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I previously wrote an article discussing the topic of comparisons between retro-rock icon Greta Van Fleet with the classic gods of rock, Led Zeppelin. I defended Greta Van Fleet, saying that they were gonna find their own individual sound and vibe come their next album and that ultimately they would shape their band into something unique. They released their new record Anthem of the Peaceful Army in October of last year and it’s been laying on me like a corpse ever since. It’s not good. Seriously, it somehow sounds more like Led Zeppelin than their efforts up until that point. The only difference now is that there is no excuse. My only question to myself now is, why did this happen?
Greta Van Fleet supposedly had a completely different plan for this album compared to what ended up being released. Sam Kiska, their bassist, told Ultimate Classic Rock, “We had all these songs we wrote three to five years ago that we were just going to put on the album.” Which is cool right, these songs have been worked on for literal years and had plenty of headroom to grow and evolve into something more refined. This was the case until the band decided to be mostly thrown out the window as the band recorded most of the material in the two-week span of recording in the studio, Sam saying, “I’d say about three-quarters of the songs are songs we wrote in the studio.” Now while writing albums in the studio isn’t always a big issue, you have to imagine how much had to have been rushed for a big selling modern rock band to write and record a full LP in a two-week span.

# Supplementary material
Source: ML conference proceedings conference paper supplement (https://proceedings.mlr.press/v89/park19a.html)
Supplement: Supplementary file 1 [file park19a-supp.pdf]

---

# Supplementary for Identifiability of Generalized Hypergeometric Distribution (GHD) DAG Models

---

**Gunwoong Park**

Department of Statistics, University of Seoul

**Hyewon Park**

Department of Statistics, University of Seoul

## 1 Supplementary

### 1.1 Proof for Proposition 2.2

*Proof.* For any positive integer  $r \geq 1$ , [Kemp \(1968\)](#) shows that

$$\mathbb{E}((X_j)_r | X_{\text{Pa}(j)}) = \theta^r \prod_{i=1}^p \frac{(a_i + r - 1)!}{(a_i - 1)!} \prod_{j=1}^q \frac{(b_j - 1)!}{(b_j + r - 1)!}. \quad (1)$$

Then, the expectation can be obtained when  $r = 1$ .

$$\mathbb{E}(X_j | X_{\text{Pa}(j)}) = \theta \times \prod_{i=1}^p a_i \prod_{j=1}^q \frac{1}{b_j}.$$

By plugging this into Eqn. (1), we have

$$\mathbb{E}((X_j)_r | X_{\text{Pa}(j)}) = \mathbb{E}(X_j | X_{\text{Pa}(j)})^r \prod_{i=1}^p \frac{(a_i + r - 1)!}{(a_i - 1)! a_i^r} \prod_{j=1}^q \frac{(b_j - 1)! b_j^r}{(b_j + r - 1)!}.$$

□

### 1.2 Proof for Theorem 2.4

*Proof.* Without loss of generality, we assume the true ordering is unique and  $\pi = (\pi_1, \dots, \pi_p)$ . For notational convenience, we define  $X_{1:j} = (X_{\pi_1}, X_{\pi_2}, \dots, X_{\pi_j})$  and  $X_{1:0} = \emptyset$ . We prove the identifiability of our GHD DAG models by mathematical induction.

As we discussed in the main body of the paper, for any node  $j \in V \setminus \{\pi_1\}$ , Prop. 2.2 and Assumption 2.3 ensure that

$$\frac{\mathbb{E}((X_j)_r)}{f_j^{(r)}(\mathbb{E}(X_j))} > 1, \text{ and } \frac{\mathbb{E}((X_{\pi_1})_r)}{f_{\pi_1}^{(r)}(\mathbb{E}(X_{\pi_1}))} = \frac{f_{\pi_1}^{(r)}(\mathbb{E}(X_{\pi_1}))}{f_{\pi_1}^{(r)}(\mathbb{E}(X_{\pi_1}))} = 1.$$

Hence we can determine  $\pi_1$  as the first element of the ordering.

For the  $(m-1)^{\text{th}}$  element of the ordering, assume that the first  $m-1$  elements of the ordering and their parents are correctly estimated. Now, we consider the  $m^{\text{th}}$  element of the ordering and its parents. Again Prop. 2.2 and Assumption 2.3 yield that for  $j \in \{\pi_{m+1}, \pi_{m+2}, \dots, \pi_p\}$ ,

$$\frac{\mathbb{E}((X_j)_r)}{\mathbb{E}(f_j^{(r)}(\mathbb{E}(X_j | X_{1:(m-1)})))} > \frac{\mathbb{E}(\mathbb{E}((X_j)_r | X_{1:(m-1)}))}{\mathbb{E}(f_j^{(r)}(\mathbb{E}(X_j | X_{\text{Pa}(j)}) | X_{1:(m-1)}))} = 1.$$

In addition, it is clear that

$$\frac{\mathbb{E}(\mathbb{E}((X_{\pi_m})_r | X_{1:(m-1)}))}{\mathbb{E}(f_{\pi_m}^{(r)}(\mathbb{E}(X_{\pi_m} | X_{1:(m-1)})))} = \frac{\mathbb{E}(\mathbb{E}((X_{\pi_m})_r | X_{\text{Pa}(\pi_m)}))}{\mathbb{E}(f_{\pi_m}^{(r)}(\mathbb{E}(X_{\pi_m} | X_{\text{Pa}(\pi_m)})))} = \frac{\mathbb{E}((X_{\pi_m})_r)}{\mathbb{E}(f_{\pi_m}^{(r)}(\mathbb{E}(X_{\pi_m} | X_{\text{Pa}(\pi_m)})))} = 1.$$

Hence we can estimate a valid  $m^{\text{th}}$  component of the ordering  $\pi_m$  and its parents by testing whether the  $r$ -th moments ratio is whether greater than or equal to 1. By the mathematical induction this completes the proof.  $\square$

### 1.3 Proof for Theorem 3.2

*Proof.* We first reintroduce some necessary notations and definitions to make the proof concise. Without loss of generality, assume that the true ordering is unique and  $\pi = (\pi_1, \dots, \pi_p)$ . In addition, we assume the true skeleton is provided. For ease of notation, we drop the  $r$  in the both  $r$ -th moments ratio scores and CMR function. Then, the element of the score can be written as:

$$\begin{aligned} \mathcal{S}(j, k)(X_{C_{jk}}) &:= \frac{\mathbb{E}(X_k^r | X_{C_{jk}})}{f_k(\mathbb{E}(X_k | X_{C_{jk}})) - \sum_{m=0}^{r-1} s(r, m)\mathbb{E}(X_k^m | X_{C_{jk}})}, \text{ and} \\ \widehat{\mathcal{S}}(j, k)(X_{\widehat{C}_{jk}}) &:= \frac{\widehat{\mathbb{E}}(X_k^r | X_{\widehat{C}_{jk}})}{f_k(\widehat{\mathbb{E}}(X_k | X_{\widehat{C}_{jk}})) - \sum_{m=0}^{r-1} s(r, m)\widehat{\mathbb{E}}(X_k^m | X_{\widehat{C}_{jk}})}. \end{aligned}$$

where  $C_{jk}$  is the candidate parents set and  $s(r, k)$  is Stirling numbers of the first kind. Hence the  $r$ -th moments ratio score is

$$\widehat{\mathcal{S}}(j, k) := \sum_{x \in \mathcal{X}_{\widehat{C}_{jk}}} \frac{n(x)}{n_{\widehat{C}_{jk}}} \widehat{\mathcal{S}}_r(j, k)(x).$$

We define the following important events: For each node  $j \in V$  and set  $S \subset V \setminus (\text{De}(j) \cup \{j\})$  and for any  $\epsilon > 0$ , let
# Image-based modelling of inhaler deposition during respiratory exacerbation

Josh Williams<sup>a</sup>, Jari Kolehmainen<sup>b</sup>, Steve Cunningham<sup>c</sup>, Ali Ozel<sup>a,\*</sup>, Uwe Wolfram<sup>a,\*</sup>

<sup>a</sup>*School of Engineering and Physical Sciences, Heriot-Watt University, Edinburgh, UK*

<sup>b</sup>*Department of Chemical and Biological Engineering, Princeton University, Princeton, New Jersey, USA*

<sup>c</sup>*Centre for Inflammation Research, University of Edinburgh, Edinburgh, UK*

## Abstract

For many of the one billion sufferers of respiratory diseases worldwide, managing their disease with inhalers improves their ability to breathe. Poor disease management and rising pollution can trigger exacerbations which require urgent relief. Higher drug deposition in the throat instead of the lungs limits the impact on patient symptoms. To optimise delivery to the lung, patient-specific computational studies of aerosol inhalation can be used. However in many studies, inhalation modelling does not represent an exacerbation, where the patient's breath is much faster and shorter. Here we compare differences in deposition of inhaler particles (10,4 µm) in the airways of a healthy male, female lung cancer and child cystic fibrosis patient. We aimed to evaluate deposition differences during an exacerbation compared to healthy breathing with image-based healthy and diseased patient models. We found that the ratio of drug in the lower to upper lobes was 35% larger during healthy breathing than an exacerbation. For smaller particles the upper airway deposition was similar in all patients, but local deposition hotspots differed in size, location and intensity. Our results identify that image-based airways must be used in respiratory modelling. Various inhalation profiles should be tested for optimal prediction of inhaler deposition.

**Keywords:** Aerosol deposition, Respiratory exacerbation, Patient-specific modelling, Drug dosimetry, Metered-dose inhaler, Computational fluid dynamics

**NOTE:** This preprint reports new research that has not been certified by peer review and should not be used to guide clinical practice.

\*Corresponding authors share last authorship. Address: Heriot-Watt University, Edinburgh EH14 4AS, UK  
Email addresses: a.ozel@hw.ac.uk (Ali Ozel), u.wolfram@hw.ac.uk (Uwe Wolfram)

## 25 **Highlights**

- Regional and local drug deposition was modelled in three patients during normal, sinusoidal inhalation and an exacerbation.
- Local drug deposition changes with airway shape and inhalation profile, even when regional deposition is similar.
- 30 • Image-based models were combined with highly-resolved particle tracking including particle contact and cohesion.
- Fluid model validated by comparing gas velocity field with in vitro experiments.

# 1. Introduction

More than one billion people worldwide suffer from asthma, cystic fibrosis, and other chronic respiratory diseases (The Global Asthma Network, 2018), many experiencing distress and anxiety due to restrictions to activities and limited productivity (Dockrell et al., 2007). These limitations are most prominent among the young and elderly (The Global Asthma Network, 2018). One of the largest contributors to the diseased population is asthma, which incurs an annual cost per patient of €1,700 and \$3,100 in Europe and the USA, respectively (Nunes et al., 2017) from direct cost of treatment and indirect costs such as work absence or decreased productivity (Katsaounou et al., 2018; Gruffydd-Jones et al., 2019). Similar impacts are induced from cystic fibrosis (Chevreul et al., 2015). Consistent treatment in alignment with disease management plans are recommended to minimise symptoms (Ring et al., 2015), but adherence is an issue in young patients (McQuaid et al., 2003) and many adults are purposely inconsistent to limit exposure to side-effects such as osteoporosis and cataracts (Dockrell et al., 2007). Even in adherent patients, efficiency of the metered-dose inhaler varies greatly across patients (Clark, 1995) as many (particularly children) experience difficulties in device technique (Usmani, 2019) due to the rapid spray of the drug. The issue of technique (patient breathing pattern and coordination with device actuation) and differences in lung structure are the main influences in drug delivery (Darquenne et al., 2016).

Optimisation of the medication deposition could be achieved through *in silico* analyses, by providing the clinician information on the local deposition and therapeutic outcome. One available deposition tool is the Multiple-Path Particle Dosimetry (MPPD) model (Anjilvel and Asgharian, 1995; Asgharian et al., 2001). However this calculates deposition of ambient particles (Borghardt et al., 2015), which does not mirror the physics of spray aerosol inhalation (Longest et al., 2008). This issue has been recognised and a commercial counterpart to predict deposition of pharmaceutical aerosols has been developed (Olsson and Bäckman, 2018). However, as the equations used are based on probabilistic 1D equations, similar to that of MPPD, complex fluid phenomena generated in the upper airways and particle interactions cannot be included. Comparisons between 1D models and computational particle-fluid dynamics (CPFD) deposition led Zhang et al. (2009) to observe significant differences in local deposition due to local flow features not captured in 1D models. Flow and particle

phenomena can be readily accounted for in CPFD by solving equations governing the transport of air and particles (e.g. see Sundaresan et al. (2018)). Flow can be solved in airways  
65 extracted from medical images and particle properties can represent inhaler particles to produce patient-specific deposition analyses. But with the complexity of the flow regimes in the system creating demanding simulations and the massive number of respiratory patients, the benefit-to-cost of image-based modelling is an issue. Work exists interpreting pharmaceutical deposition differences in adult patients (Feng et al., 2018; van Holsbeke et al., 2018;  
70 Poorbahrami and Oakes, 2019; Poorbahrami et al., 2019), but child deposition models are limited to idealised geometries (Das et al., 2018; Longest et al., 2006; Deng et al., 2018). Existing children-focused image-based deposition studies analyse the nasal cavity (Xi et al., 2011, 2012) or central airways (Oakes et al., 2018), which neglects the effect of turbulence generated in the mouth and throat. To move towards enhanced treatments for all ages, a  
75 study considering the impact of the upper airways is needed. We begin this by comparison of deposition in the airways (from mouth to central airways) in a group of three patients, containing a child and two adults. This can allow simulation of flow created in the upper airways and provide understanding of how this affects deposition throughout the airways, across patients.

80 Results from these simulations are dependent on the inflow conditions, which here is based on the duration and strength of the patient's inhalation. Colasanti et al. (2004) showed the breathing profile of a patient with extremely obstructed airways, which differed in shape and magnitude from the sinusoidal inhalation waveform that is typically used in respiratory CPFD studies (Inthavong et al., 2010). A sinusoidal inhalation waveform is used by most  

Now when it comes to the effect on the actual album, it’s extremely obvious how these really all could’ve just been recorded in one session they’re so similar. Motifs and riffs are reused and repurposed so much it’s quite literally like a factory just pushing out the passable classic rock riffs. Listen to “The Cold Wind,” “When the Curtain Falls,” and “Lover, Leaver” in a row and tell me it doesn’t sound like just an 11-minute blues-rock jam that Zeppelin would’ve done in their live shows. Then, when it comes to “You’re the One” and “The New Day,” someone was probably just like “Okay, now let's get the acoustic guitars and record a couple things.” That’s probably what pisses me off most about the record. It sounds more like a brainstorming session more than an actual professionally made album, something I had to keep reminding myself wasn’t just some middle-life crisis band’s set at the local block party.
The most important thing to take from this record and this band as a whole is that when it comes to music, gimmicks die fast and they die hard. Don’t get me wrong these guys are talented, but when it comes to rock music we don’t need any more flashy vocals or guitar licks. We need innovation and something that’s unique, something pushing the bar forward. When you just rely on your fans and your retro-rock nostalgia enough to just push out a record in two weeks, it is doing nothing to the genre except soiling the reputation. I want to say I’m gonna look for their next release to see if they experiment or change anything, but I have a bad feeling they won't. Unless they actually take time to explore their abilities and you know, not record everything in two weeks, then maybe something substantial will come out of these guys, but I’m not relying on it.